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 CNN’s African Voices Playmakers meets the rugby players inspiring the continent

CNN’s African Voices Playmakers meets the rugby players inspiring the continent

CNN’s African Voices Playmakers meets the rugby players inspiring the continent


In the latest episode of African Voices Playmakers, CNN’s Larry Madowo learns how three rugby players from Kenya, Uganda, and South Africa are elevating the sport across the continent and inspiring others to follow in their footsteps.

Dennis Ombachi, a retired rugby player who represented Kenya for over ten years, participated in the Rugby World Cup sevens, the Commonwealth Games and the 2016 Olympics in Rio de Janeiro.

However, he admits that the first time he played rugby, he didn’t really like it. “I just liked the fact that if I was in the team, I was excused from some duties, like mopping the dormitory,” he says.

He was later called up to the Kenya Sevens national team with the support of Kenyan rugby legend Humphrey Kayange. Ombachi expresses his gratitude for Kayange’s support, “It was incredible. Humbling. I hope someday I will be able to repay it back to someone else as well.” The pair played alongside each other in the 2016 Rio Olympics.

According to Ombachi, one of his top career accomplishments was scoring the try against Zimbabwe that qualified Kenya for the games. Ombachi tells Madowo, “Rugby taught me a lot of lessons. The first one is always be disciplined; discipline will take you a long way. We had this South African coach called Paul. He used to tell us that ability to unlearn old ideas and pick up new ideas is crucial.”

During his career, he acquired multiple injuries and was diagnosed with bipolar disorder in 2018. He tells CNN, “Mental health is not a destination, it’s a journey. It took me a while for me to accept that I’m bipolar.” Ombachi shares that he often used cooking to get him through difficult times, and after filming videos during the pandemic, later became an internet sensation as The Roaming Chef.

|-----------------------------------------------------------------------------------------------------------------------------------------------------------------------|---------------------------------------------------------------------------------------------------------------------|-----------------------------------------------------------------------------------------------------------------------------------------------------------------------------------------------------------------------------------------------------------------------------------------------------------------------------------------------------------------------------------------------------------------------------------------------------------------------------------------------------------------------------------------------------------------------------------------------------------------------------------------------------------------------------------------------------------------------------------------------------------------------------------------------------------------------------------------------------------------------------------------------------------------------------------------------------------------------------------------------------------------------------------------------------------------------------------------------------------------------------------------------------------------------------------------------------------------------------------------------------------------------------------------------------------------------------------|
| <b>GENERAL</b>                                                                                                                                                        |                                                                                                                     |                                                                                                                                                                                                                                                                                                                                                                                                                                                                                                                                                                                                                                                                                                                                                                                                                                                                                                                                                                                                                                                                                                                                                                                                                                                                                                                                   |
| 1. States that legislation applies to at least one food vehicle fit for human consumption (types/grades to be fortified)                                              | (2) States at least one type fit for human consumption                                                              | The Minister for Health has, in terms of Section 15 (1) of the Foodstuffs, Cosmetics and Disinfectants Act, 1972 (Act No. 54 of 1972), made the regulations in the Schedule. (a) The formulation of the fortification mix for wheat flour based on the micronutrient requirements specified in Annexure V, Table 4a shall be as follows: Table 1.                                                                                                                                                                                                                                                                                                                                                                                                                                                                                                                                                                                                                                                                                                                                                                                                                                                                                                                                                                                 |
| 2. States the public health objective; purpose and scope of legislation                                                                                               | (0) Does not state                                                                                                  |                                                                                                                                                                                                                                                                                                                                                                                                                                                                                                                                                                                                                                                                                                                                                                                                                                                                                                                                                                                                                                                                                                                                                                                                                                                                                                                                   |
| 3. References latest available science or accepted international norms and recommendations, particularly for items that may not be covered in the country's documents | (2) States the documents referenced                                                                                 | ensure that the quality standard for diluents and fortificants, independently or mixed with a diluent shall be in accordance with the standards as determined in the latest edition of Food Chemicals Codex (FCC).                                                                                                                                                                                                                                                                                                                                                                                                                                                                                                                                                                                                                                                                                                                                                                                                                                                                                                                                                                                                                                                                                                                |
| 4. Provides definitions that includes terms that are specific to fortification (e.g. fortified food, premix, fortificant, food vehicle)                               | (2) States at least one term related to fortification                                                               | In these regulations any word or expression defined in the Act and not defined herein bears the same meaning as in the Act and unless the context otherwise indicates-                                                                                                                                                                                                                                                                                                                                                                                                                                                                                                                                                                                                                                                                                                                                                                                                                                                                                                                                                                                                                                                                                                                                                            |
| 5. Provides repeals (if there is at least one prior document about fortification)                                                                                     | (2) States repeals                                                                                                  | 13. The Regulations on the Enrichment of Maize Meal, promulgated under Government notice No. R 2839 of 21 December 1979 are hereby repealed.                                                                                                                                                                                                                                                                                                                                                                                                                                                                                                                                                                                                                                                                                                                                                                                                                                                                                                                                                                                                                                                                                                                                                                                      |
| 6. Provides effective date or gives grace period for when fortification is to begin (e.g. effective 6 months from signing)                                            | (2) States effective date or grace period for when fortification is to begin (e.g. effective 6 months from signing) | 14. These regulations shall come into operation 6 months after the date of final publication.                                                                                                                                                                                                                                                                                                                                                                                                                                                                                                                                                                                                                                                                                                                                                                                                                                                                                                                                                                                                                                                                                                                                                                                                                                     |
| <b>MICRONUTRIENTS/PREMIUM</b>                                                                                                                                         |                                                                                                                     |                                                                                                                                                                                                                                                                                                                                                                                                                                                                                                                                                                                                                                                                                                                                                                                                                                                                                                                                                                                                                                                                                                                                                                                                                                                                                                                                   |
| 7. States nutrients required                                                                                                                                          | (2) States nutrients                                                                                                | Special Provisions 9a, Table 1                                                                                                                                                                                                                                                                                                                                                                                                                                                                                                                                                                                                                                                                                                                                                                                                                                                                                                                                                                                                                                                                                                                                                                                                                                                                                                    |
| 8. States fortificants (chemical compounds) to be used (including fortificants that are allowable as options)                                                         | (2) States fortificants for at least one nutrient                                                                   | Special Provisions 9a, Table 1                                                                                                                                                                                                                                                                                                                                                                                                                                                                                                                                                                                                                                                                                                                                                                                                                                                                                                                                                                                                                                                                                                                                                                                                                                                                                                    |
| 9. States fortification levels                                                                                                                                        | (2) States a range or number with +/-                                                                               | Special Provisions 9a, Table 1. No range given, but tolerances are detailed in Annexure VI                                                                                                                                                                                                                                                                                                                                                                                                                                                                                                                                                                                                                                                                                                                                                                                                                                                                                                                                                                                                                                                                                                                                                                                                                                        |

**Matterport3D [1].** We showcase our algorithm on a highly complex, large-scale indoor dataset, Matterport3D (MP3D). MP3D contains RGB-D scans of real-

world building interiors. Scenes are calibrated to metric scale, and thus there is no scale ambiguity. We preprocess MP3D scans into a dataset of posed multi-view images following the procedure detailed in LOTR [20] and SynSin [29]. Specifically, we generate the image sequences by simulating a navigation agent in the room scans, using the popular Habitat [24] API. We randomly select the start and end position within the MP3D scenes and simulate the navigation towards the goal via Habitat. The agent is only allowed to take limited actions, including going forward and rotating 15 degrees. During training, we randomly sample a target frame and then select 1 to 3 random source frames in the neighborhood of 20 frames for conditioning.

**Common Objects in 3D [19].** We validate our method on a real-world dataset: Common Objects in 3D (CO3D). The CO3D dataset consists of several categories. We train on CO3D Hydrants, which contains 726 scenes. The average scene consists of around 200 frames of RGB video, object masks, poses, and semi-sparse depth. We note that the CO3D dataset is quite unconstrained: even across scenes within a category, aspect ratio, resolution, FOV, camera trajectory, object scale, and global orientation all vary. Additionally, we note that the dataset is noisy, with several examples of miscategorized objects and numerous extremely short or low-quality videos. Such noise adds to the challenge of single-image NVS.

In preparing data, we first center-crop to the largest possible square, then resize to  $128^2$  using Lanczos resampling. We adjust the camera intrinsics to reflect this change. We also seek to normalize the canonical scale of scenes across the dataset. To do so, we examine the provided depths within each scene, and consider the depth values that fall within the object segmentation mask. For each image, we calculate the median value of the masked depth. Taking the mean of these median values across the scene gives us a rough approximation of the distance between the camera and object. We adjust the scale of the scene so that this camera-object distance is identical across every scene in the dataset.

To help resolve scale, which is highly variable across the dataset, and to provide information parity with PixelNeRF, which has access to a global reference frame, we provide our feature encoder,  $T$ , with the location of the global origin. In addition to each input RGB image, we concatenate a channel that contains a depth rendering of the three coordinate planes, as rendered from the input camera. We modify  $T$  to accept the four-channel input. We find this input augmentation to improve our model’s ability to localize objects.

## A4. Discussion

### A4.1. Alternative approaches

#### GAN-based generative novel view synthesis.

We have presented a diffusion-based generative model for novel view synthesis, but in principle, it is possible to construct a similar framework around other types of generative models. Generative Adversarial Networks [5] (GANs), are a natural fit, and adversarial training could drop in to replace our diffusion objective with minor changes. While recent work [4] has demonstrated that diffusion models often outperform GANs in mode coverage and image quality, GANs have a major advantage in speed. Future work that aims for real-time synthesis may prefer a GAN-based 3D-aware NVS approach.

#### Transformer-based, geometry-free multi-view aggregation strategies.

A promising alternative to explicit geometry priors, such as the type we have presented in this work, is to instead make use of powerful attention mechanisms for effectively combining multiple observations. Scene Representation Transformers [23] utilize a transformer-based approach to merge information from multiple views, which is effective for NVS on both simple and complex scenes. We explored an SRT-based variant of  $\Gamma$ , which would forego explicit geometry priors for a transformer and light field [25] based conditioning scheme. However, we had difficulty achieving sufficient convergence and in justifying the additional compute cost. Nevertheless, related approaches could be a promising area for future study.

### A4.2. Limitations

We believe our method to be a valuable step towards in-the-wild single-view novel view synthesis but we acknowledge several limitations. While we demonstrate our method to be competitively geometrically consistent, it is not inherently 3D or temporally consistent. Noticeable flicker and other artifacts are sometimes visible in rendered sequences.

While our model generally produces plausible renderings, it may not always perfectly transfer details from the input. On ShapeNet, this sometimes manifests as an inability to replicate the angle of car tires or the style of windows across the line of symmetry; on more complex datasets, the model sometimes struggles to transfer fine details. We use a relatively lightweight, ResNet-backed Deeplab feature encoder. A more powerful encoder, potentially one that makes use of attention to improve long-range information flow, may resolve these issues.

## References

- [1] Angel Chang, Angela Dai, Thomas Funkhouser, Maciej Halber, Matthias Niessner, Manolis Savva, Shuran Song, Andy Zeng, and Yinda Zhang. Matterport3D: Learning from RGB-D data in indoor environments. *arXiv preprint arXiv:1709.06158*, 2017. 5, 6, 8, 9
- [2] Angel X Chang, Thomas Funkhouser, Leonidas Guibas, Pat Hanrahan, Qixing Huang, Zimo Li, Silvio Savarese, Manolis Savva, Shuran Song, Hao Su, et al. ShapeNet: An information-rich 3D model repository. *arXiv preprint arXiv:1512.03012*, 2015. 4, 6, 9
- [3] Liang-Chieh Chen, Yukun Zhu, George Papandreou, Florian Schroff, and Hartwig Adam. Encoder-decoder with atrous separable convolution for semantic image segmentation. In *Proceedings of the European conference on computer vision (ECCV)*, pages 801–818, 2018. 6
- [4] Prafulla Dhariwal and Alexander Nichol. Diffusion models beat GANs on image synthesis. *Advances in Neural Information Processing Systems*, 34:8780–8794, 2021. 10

His videos earned him the 2022 TikTok Award for Top Creator in Sub-Saharan Africa.The programme also meets Michael Wokorach, captain of the Uganda rugby sevens team. His career highlights include winning three Africa Cups, playing in four Commonwealth Games and taking The Cranes to two World Cups.

He was made captain one year after joining the Uganda Sevens Team, and at 32-years-old, mentoring his peers on and off the pitch is how he wants his captainship to be remembered at both national and club level.“It’s very important for me to mentor the young players because in the next few years, maybe I’ll be retiring, and I want to have someone who has really mentored to step into my shoes. So, the credit they give me is worth it because I have been a leader for most of my rugby-playing career,” he says. Wokorach says that motivating others is important because, despite being one of the most popular sports in Uganda, the sport faces economic challenges.

Looking forward, Wokorach says, “I still want to achieve more and I want to leave a legacy where when I’m done with the sport, people say he has done all he can and we are really proud of him if he’s ever to retire. We will hold the future and motivate so many other players to come and follow in our footsteps.”


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